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  • Author or Editor: James Rowlands x
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In England and Wales, domestic homicide reviews (DHRs) seek to build a picture of the circumstances preceding a domestic abuse-related death, identify any learning and make recommendations for change. Drawing on data from document analysis of 60 DHR reports, this article explores how a victim’s real name is routinely taken out of use when a DHR report is published and, to disguise their identity, is usually replaced with a pseudonym or some other nomenclature like initials/letters. I report on the name forms used in place of a victim’s real name and the limited explication of both how (pseudo)names were chosen and the role of the family. By exploring how names are used, I argue for a recognition of the assumptions and complexity at the heart of DHRs concerning the place of the victim, family and state, and identify implications for practice, policy and research.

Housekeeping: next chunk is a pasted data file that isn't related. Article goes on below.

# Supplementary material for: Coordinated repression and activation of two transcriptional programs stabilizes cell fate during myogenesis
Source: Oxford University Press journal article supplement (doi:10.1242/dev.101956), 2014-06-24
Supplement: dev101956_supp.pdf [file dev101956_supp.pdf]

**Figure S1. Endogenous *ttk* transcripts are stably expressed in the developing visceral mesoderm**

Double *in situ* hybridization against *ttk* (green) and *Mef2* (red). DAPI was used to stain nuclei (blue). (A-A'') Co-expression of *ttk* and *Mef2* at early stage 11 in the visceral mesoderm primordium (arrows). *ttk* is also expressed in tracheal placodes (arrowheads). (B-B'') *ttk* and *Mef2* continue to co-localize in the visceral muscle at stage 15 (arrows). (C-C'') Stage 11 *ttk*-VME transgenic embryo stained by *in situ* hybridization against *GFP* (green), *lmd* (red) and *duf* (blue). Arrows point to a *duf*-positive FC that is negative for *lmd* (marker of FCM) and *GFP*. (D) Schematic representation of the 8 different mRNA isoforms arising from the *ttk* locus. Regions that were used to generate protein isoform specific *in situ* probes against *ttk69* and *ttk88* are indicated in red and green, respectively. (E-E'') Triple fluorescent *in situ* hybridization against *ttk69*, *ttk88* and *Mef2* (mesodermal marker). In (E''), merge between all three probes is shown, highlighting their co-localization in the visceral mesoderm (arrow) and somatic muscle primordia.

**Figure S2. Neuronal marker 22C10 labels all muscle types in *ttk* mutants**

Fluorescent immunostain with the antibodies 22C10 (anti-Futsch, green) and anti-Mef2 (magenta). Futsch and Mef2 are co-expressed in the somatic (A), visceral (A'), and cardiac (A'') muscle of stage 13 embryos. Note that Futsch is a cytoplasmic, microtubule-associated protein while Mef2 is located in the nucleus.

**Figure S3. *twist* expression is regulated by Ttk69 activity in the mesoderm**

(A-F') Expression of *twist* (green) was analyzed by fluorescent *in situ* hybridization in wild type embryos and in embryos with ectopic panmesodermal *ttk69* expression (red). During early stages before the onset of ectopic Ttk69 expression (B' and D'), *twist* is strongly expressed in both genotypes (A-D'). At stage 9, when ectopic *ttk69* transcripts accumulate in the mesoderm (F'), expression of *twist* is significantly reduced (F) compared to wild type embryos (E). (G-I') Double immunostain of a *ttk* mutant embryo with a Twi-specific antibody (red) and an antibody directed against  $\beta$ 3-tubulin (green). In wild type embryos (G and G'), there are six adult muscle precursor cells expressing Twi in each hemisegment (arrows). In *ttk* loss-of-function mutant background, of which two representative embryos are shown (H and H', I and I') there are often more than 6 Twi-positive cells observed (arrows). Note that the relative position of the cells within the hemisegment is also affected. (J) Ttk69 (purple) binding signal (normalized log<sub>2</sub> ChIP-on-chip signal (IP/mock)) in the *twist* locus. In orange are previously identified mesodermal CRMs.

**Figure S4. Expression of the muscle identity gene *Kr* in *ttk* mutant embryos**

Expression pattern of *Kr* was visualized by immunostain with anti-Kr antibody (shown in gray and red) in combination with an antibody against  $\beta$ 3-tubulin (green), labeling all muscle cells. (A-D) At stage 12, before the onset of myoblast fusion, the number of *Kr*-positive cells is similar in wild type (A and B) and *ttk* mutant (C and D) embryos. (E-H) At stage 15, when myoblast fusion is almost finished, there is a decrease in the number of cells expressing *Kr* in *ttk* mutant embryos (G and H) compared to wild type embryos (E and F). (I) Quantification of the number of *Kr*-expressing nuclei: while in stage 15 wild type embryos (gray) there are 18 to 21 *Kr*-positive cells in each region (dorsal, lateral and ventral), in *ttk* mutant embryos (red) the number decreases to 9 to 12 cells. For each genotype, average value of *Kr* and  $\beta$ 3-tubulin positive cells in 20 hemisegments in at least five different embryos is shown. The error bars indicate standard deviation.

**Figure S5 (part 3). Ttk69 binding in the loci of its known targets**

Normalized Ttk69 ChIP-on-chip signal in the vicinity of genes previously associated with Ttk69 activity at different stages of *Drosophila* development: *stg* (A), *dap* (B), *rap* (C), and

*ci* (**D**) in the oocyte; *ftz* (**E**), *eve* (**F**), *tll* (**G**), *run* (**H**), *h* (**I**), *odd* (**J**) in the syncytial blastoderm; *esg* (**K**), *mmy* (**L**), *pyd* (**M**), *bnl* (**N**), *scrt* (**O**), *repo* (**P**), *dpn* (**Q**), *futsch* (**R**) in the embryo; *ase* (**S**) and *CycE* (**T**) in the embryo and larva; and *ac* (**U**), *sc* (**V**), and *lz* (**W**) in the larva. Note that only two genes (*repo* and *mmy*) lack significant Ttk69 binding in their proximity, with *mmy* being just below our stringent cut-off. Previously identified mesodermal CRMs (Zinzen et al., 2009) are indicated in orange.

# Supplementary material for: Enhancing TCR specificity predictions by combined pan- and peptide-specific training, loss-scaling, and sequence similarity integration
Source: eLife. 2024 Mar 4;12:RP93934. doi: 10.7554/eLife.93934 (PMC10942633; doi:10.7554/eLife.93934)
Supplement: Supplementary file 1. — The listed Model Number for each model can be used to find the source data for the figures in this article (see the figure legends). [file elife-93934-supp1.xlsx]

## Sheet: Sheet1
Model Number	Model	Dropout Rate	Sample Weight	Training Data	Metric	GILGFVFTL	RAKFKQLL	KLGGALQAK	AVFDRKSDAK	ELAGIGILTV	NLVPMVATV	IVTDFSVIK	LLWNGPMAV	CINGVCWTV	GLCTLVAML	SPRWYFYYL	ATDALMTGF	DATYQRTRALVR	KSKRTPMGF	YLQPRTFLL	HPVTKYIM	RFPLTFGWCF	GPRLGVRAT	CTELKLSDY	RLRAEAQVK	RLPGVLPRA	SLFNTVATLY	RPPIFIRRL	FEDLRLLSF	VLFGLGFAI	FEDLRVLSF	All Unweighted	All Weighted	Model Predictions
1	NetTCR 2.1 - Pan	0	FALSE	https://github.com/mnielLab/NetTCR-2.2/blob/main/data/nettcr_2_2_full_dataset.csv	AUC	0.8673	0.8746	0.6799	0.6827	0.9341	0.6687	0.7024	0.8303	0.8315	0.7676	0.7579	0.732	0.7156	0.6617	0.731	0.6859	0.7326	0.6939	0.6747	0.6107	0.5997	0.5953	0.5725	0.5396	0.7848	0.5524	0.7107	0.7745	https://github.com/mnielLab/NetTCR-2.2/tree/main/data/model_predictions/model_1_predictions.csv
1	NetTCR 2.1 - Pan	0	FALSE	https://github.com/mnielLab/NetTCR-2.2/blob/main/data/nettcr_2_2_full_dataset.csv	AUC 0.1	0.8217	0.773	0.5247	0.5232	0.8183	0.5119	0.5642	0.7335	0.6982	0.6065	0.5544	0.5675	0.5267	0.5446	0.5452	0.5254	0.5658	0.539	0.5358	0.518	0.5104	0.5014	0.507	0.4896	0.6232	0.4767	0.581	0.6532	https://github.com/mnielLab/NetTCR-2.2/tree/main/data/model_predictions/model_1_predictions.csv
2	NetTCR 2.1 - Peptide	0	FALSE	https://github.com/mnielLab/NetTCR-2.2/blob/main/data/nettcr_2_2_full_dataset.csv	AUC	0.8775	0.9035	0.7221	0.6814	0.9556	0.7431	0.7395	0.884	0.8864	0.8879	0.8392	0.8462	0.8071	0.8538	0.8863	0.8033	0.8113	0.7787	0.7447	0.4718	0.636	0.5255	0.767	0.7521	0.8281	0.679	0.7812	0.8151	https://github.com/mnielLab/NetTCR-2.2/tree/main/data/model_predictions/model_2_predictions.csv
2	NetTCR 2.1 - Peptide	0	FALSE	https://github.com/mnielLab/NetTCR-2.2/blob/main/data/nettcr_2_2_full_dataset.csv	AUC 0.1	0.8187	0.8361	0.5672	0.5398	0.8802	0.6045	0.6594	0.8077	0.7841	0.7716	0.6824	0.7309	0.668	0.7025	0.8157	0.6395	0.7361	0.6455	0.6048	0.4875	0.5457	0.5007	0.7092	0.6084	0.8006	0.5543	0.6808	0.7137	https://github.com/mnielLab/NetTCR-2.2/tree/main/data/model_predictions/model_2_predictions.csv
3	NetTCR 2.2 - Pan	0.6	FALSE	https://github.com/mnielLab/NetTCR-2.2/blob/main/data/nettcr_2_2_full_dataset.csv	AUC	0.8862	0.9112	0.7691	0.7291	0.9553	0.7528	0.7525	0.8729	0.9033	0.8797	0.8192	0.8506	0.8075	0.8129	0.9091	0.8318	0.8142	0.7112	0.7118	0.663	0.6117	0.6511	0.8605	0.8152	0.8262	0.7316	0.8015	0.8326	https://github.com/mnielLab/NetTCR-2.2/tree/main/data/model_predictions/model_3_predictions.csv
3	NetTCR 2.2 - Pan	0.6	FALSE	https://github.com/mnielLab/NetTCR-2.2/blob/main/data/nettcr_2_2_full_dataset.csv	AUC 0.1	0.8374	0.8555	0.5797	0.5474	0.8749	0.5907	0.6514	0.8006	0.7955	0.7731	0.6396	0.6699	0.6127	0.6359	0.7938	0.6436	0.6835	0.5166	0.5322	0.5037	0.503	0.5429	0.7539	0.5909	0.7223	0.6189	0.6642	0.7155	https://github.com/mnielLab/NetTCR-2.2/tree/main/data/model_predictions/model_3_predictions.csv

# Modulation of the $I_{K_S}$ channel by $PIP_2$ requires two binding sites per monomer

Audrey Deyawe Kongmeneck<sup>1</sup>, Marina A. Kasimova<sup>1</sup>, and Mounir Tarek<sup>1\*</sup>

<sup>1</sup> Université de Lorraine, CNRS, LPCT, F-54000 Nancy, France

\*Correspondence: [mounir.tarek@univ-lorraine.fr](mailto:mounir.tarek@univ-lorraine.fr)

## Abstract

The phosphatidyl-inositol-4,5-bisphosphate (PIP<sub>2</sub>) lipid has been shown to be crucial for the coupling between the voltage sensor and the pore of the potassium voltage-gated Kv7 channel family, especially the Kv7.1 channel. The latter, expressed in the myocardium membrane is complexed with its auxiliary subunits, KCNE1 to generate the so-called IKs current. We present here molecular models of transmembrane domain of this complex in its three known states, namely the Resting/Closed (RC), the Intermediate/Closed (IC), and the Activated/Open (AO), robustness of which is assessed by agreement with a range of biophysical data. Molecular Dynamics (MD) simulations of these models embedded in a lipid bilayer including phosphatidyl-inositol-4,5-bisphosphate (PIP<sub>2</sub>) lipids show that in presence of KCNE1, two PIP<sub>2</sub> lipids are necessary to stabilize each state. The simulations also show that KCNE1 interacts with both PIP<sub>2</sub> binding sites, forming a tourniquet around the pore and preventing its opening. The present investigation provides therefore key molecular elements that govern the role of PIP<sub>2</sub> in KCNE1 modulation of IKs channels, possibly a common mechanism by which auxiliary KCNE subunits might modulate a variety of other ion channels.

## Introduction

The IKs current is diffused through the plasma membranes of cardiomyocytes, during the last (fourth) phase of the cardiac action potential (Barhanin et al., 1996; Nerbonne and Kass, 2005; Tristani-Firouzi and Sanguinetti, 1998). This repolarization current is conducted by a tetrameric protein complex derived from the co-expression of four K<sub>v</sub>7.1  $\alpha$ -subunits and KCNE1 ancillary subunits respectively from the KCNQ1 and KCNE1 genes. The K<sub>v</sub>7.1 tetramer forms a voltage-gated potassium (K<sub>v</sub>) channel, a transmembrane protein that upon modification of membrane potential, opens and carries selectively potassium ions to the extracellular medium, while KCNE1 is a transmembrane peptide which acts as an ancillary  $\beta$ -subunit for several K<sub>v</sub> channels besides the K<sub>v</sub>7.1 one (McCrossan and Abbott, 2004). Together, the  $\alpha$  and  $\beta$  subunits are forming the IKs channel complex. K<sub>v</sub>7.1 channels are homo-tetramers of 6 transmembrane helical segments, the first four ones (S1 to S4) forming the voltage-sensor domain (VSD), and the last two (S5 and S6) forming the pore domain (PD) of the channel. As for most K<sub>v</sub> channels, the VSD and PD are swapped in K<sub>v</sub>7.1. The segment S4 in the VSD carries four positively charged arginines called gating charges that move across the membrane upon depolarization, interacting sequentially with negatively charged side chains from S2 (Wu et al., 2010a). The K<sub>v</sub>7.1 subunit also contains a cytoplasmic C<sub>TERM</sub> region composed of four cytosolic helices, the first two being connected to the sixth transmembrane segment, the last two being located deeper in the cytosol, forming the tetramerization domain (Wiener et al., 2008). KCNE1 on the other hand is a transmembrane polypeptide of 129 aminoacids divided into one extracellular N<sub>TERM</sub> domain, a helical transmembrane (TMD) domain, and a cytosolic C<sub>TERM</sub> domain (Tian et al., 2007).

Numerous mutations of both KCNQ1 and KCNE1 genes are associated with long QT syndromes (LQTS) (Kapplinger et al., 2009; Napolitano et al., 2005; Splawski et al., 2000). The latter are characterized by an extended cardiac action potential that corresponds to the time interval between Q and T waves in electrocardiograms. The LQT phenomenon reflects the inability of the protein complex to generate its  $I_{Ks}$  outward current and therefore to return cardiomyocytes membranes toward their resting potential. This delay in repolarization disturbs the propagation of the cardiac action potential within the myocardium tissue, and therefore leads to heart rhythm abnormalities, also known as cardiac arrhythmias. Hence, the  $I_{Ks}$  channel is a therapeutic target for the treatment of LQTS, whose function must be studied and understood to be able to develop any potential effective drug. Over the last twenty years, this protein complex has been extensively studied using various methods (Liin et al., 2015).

Open access

Domestic Homicide Reviews (DHRs) are a statutory review process to better understand domestic homicide in England and Wales. As a policy intervention, DHRs are intended to build a picture of the circumstances before such deaths and identify gaps in practice, policy and system response. The rationale is that this learning can improve response to domestic violence and abuse and reduce the likelihood of future homicides. However, little is known about how the DHR process operates, including how knowledge is produced or its subsequent use, including any outcomes. In effect, for the most part, DHRs are a ‘black box’. Yet, researchers are increasingly using DHR reports as a source of data. By locating ourselves within these processes, this article explores the implications of limited engagement with DHRs as a process of knowledge generation to date. It focuses on the implications for researchers, in particular the epistemological and methodological issues that arise, before considering what this might mean for policy and practice. It identifies recommendations to address key gaps in the understanding and use of DHRs for research purposes.

Open access